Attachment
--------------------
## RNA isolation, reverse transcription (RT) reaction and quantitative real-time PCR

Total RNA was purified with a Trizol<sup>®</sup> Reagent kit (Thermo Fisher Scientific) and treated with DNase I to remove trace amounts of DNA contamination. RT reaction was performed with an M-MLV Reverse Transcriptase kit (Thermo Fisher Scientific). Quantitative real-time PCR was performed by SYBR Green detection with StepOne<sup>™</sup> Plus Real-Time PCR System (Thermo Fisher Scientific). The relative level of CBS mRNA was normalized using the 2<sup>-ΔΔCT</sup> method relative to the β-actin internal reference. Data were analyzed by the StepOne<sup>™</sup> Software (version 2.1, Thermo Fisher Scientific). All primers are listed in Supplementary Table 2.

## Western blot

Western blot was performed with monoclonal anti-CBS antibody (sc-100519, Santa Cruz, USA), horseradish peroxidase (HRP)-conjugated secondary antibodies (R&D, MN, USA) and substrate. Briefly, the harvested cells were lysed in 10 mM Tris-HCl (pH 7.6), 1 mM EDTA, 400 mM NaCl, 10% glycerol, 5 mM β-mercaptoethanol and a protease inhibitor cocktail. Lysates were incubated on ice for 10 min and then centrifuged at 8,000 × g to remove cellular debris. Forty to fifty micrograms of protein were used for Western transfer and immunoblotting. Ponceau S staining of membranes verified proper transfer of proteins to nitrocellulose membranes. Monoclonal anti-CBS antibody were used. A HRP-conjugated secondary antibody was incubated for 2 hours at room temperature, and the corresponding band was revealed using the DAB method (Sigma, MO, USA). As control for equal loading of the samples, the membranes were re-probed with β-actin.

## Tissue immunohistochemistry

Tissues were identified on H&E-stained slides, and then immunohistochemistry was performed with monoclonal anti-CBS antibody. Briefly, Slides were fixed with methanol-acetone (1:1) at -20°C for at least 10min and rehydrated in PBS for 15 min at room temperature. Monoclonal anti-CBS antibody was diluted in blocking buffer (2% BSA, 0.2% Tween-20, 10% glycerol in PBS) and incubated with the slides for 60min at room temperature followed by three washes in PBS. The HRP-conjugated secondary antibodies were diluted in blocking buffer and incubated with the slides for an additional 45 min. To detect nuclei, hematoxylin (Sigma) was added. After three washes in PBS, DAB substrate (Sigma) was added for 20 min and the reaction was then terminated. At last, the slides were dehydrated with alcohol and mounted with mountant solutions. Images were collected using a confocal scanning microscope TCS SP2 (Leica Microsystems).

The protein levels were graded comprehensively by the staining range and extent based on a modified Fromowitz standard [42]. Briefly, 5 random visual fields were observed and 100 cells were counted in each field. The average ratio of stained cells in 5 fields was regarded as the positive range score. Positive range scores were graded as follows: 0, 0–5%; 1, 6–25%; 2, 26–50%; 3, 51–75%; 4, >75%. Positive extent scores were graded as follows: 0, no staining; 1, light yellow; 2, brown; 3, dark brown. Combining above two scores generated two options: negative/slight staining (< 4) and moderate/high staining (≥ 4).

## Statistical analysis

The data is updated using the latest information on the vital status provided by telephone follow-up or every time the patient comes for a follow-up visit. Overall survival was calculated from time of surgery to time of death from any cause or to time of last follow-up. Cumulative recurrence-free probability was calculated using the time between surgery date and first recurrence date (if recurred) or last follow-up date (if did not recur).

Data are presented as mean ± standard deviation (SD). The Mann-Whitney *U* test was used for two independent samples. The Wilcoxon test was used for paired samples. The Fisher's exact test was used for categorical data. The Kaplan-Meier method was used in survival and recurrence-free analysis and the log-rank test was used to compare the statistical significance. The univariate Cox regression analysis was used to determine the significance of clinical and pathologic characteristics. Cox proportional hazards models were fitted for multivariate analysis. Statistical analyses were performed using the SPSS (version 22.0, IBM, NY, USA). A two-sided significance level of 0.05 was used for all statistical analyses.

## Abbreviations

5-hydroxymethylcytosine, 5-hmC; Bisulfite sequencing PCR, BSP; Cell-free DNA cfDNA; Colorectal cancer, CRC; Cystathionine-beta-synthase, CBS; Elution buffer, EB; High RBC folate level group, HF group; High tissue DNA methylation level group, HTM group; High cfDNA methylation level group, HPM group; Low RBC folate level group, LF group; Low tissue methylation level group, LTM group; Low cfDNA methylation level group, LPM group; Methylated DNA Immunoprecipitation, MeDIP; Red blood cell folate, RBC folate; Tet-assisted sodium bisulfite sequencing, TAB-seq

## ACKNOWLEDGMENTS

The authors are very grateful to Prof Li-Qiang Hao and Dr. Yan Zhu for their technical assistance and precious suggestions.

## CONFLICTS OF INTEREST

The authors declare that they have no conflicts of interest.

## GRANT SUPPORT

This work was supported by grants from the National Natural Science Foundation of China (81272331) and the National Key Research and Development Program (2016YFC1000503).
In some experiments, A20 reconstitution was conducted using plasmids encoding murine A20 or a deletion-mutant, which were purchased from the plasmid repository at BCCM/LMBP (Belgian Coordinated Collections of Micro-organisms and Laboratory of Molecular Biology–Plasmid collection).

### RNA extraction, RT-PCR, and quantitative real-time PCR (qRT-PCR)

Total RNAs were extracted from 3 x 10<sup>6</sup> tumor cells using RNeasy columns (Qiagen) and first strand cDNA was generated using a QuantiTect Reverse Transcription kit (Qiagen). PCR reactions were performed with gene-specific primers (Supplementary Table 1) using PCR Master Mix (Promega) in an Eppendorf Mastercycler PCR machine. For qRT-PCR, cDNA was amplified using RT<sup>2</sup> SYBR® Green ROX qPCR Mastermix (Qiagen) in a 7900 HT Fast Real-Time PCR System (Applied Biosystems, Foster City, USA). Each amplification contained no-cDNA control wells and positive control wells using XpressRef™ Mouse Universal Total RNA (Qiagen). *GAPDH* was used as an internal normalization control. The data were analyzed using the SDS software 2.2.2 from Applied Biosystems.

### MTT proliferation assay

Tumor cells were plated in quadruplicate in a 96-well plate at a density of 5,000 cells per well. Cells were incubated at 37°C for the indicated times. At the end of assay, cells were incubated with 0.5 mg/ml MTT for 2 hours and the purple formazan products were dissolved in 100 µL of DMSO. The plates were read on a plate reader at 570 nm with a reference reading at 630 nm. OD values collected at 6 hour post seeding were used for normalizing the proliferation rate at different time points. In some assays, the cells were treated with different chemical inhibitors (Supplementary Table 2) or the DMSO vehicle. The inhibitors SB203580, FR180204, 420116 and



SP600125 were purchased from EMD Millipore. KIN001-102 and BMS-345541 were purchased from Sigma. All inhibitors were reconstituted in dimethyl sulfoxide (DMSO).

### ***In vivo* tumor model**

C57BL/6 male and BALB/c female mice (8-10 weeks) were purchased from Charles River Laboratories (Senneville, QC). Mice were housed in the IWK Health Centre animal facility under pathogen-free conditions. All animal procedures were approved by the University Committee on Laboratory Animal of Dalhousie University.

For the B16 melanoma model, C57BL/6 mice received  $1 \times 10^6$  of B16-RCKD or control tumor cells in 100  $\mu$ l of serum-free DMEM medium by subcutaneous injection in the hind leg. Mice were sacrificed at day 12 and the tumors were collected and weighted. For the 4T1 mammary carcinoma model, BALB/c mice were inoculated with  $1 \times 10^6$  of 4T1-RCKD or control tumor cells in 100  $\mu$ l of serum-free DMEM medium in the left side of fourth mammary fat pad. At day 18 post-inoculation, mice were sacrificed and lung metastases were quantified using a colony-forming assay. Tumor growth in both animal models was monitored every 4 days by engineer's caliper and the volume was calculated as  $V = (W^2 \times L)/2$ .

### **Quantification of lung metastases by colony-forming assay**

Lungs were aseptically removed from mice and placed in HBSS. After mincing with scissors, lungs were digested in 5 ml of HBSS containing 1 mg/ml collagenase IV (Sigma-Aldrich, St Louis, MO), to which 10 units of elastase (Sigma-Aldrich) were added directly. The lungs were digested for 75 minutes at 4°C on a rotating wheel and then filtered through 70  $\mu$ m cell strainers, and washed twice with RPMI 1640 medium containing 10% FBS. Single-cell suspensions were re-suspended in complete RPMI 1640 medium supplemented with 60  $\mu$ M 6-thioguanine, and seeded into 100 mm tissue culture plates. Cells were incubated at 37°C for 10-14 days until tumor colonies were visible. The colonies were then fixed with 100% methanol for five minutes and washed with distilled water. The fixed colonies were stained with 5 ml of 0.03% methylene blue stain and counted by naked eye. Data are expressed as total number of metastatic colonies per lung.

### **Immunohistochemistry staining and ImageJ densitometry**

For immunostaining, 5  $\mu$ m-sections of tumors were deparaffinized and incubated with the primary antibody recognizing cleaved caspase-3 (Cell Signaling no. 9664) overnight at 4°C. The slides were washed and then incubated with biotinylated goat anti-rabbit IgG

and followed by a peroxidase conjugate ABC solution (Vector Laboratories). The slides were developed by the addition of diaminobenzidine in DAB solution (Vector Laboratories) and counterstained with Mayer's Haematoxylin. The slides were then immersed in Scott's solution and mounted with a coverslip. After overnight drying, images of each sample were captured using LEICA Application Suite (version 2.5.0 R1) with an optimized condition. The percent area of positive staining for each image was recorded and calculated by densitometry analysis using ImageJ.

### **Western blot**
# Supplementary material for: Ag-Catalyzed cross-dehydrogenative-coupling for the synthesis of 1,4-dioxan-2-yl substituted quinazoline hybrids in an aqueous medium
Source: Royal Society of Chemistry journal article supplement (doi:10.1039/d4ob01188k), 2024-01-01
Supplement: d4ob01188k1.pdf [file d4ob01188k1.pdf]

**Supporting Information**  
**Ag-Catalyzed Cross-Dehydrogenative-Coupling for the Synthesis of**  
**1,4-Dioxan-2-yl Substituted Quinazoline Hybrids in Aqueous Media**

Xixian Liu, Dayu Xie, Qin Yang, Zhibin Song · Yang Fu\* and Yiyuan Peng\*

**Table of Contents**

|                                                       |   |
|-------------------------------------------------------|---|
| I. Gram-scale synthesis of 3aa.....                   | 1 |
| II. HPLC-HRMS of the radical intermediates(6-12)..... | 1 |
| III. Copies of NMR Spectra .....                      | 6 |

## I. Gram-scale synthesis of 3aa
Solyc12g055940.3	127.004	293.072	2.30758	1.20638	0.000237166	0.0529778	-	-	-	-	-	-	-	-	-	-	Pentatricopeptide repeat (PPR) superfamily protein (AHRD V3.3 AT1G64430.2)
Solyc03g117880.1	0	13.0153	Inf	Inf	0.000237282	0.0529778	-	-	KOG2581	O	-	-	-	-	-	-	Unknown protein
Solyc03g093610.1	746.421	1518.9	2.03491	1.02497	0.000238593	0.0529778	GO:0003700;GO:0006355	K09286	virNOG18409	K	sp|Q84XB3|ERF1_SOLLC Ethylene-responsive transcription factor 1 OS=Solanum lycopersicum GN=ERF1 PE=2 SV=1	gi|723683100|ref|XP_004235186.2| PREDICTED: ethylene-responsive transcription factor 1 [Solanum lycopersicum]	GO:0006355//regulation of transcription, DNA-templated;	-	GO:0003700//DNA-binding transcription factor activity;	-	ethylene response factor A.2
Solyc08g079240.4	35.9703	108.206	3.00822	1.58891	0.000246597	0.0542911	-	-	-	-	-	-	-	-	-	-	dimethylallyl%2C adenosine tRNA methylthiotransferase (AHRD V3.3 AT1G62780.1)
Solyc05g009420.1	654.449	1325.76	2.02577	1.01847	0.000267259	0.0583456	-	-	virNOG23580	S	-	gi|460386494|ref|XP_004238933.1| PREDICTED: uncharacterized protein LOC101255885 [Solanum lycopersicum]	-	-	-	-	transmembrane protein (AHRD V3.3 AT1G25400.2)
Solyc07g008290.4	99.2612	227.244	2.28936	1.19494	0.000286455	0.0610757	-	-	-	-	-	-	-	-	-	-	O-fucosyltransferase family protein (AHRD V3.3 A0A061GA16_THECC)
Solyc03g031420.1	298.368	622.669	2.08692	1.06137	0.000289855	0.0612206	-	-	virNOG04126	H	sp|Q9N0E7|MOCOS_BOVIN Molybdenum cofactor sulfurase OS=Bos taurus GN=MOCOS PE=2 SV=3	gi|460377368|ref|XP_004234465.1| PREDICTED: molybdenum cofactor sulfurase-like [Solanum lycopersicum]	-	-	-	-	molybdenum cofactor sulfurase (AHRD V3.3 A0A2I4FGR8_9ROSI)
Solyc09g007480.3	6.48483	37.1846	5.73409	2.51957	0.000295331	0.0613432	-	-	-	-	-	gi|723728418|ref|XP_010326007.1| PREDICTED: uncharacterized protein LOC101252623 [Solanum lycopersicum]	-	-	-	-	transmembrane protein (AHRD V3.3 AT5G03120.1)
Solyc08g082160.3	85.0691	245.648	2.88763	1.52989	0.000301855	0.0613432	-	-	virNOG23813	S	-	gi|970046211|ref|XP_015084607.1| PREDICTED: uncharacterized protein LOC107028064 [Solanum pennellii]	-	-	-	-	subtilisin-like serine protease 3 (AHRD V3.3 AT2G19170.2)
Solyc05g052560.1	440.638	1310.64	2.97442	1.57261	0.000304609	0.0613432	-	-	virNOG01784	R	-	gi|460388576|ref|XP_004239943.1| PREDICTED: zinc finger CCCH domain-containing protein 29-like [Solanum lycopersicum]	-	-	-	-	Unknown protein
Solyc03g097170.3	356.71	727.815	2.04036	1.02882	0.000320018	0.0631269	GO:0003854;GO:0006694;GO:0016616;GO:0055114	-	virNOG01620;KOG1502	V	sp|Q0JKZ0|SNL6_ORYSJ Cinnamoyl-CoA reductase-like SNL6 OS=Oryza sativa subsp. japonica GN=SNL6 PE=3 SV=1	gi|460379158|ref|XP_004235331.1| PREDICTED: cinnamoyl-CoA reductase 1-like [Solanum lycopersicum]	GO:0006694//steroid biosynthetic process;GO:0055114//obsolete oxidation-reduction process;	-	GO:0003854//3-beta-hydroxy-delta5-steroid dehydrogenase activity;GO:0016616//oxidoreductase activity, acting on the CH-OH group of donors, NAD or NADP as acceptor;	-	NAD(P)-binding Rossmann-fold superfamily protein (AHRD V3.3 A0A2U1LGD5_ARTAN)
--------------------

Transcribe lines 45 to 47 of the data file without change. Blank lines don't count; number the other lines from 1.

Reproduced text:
| II. HPLC-HRMS of the radical intermediates(6-12)..... | 1 |
| III. Copies of NMR Spectra .....                      | 6 |

## I. Gram-scale synthesis of 3aa